Frostrup or Ross: who will succeed Barry Norman?

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TWO OF Britain's best known television presenters are to go head- to-head to secure one of the most coveted, high-profile jobs on the small screen: replacing Barry Norman as the BBC's chief film reviewer.

Both Mariella Frostrup and Jonathan Ross are to make pilot film shows which will be viewed by the controller of BBC1, Peter Salmon, to help him decide whom to appoint as Norman's successor in 1999.

The beauty contest will end months of indecision about the fresh look for BBC1's flagship film programme, which has had a knock-on effect throughout the television production industry this autumn. Editors across the channels have been at a loss to work out exactly where the gap in film coverage will be and have delayed commissioning rival cinema shows.

It was three years ago that BBC executives first acknowledged they wanted a "younger" feel for the film show format, but they were happy to let Barry Norman - after 26 years in the job, a national institution - bow out gracefully.

Norman, 64, left the BBC in July for a lucrative contract with satellite television where he now presents his own Sunday preview show, Barry Norman's Film Night, on Sky Premier.

After five months of deliberation - and rumours indicating that personalities as varied as Radio 1's streetwise film critic Mark Kermode, journalist, musician and male model Richard Jobson, and Irish presenter David Fanning were all in the running - Mr Salmon has narrowed down the field to two front-runners. A BBC insider said: "The decision on the film programme has been delayed by negotiation with Planet 24, the company that makes The Big Breakfast with Johnny Vaughn, but he has now been excluded from the picture."

In Vaughn's stead, the BBC has turned to a comparative elder statesman as one of the main contenders for the prestigious pounds 140,000 position. Like Vaughn, Jonathan Ross made his name on Channel 4 and he too has a keen interest in film. He first appeared on small screens in the 1980s as a chat show host on the ground-breaking The Last Resort, more recently compered a talent show for ITV and presented a series on cult films. In contrast, Mariella Frostrup represents a more upmarket approach. An experienced mainstream arts and chat show host, her serious but mildly sardonic style marks her out as perhaps the closest match to Norman himself. Nevertheless, the format for the Frostrup version of the show is not likely to be based entirely on straight reviews. One planned segment will have an apparently casual, post-cinema chat with a celebrity guest.

Channel 4, which commissioned the innovative new film series Kiss Kiss Bang Bang, is waiting to see which way the BBC jumps before it decides how to develop their own show. Charlie Higson, the current presenter of the show and a member of The Fast Show team, is watching with interest.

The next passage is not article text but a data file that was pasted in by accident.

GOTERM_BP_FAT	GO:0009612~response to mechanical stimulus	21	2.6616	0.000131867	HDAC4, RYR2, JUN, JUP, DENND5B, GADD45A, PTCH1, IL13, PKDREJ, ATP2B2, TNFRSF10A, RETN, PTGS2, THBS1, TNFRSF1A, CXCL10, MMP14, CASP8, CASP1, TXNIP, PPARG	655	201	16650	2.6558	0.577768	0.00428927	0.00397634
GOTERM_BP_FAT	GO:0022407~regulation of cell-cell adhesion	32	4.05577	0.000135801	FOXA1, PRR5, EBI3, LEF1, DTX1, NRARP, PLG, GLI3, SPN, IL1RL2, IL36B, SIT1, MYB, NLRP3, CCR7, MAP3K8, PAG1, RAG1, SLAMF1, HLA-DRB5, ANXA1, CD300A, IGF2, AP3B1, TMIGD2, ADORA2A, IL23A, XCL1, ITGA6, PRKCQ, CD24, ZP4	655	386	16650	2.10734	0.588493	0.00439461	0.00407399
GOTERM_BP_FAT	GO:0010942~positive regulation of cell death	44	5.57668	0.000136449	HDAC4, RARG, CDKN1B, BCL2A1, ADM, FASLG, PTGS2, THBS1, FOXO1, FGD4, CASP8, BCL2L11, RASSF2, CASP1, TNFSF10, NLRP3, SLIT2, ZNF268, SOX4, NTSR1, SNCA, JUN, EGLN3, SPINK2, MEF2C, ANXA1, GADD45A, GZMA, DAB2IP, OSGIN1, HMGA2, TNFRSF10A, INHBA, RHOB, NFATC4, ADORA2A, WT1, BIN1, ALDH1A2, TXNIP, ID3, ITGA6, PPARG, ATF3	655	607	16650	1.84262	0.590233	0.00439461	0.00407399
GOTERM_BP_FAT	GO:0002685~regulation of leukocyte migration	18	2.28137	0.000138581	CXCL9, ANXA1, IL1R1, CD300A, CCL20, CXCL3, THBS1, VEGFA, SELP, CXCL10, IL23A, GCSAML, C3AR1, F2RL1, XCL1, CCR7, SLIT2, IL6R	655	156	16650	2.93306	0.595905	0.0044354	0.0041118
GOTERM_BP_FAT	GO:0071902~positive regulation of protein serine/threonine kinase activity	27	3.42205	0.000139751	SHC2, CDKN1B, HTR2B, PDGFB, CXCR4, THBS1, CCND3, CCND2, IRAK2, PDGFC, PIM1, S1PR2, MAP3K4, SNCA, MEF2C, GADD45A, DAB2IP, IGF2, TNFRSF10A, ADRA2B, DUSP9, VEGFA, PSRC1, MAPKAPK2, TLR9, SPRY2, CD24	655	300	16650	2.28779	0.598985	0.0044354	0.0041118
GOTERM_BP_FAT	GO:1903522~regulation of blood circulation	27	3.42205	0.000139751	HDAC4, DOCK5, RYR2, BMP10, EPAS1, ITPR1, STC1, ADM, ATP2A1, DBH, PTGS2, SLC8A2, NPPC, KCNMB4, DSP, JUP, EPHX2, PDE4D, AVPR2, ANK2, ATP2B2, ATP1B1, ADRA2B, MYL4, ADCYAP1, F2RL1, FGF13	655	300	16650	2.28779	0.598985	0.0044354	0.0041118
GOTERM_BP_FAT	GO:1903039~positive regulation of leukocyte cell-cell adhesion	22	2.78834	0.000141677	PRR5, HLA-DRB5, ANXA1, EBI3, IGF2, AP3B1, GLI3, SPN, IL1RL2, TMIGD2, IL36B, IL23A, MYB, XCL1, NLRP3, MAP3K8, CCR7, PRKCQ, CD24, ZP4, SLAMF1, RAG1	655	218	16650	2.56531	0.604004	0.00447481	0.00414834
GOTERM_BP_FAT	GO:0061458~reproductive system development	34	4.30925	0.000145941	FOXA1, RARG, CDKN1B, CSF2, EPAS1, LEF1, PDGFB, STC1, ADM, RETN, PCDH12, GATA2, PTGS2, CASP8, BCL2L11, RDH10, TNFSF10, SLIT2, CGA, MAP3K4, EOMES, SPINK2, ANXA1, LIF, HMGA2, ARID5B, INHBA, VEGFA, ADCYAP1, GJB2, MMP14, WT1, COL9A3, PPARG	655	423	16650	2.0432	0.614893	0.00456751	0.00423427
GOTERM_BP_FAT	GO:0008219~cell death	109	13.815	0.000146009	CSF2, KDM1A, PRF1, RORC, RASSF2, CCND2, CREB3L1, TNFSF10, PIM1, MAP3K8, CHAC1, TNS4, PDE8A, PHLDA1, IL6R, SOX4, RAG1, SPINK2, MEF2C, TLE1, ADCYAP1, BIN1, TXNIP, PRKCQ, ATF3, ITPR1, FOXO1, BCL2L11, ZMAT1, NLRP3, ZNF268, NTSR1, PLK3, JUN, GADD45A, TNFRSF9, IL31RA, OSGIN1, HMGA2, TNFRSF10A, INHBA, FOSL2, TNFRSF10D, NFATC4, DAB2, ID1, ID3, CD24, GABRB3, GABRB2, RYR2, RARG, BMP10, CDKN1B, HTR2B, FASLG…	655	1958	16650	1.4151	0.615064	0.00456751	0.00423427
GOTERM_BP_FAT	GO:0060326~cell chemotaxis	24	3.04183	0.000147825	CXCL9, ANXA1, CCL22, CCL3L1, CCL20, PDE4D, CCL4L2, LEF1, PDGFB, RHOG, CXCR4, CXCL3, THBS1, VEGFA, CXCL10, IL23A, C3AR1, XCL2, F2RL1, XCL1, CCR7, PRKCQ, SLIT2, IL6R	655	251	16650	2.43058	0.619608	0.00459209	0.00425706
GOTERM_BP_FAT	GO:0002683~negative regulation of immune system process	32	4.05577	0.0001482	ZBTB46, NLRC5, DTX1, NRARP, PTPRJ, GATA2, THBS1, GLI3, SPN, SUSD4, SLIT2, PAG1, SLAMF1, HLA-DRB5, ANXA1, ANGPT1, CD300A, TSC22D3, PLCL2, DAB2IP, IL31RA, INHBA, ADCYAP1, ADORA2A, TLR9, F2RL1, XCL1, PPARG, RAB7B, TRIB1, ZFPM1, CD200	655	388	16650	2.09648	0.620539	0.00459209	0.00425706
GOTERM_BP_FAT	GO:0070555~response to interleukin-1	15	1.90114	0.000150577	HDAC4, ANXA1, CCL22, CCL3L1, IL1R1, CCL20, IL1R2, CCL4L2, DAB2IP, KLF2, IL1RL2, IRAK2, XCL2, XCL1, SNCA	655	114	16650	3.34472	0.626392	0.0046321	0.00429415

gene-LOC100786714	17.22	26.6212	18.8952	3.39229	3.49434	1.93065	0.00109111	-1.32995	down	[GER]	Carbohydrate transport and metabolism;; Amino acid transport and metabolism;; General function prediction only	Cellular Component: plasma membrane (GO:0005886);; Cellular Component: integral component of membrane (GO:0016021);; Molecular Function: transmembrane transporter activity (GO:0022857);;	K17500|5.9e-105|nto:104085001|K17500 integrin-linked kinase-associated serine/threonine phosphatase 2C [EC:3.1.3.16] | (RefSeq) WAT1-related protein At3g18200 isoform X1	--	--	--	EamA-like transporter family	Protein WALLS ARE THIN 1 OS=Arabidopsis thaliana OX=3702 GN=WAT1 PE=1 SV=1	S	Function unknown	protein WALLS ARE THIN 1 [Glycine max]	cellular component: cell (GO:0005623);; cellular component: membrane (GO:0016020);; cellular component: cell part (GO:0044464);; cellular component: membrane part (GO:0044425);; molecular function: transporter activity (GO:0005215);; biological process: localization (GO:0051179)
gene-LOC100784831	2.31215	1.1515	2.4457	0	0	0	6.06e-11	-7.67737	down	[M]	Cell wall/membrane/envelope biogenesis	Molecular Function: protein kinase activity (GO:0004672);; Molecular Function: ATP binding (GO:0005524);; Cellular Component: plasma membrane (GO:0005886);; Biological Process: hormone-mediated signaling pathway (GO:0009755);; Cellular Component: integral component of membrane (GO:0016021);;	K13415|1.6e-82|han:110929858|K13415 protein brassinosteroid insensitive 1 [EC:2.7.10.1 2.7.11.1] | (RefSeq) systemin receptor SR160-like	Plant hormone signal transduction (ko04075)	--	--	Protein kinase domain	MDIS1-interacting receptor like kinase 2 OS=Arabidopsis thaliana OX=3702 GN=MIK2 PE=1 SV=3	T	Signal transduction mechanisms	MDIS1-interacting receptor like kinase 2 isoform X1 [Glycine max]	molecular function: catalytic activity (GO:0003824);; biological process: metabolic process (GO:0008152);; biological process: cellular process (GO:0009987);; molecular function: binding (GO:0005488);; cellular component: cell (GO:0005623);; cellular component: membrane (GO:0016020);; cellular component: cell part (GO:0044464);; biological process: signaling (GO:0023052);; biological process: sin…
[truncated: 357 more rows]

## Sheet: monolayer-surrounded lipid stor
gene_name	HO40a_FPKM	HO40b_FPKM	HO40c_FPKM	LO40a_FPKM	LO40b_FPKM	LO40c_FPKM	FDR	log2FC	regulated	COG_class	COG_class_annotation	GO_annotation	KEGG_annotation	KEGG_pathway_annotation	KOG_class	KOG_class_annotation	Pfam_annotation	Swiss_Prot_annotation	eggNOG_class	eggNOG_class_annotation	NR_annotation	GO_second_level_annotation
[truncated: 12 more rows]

"Although I am known as a comedian, our show was always intended to be a serious film programme. If they want to take Kiss Kiss Bang Bang more towards straight reviewing, I don't think I will stay involved," he said. "Barry Norman has always been there, and even if you did not always agree with him, you knew what his views were and so he acted as a kind of national barometer. If the BBC now hire someone with a lighter approach, the whole format will be different and other shows on television will alter in response."

Higson believes the main problem facing all the film shows on television are late and shifting slots. "Even Barry Norman suffered from that," he pointed out.

Stuart Maconie, a broadcaster who co-presented a late-night film show with Andrew Collins until recently, thinks other dangers are lurking.

"The BBC have really got to avoid becoming a publicity machine, whatever they do," he said. "Whoever they eventually go with as a presenter, they must steer clear of all those bland interviews with stars who just say that `everyone on the set was really sweet'."

Peter Salmon is believed to be keen to give the new film show an earlier time if he can find a format which will appeal to a wider audience. If he does, commissioning editors on rival channels are likely to respond in kind, as film becomes increasingly regarded as a subject of broad public appeal.


Famous for her husky voice, the Norwegian-born-but-Irish-raised journalist made her name on ITV's movie review slot, `The Little Picture Show'. More recently she formed a major part of Channel 5's glitzy launch package, fronting both its arts chat show `Brunch' and its motoring show. Aged 36, she has a weekly movie review column in the `News Of The World' and many friends among the movers and shakers of so-called Cool Britannia. Her approach is thought to be less offbeat than Ross's, although her collection of both high-brow and populist contacts is a good bet to provide a ready supply of celebrity reviewers for the show.


Early associations with the stand-up comedy circuit in south London (and specifically with the alternative comic Vic Reeves and the DJ Danny Baker) have helped to shape Ross's unusual and irreverent style. Now 38, he began his television career in sharp 1980s suits and has continued with a self-mocking dandyism. After `The Last Resort', which was produced by Katie Lander for Channel X, Ross went on to present `Tonight With Jonathan Ross', `Jonathan Ross Presents' and `Saturday Zoo'. He also took Chris Evans's place on his Virgin Radio breakfast show this summer and is about to become a columnist with the `Mirror'.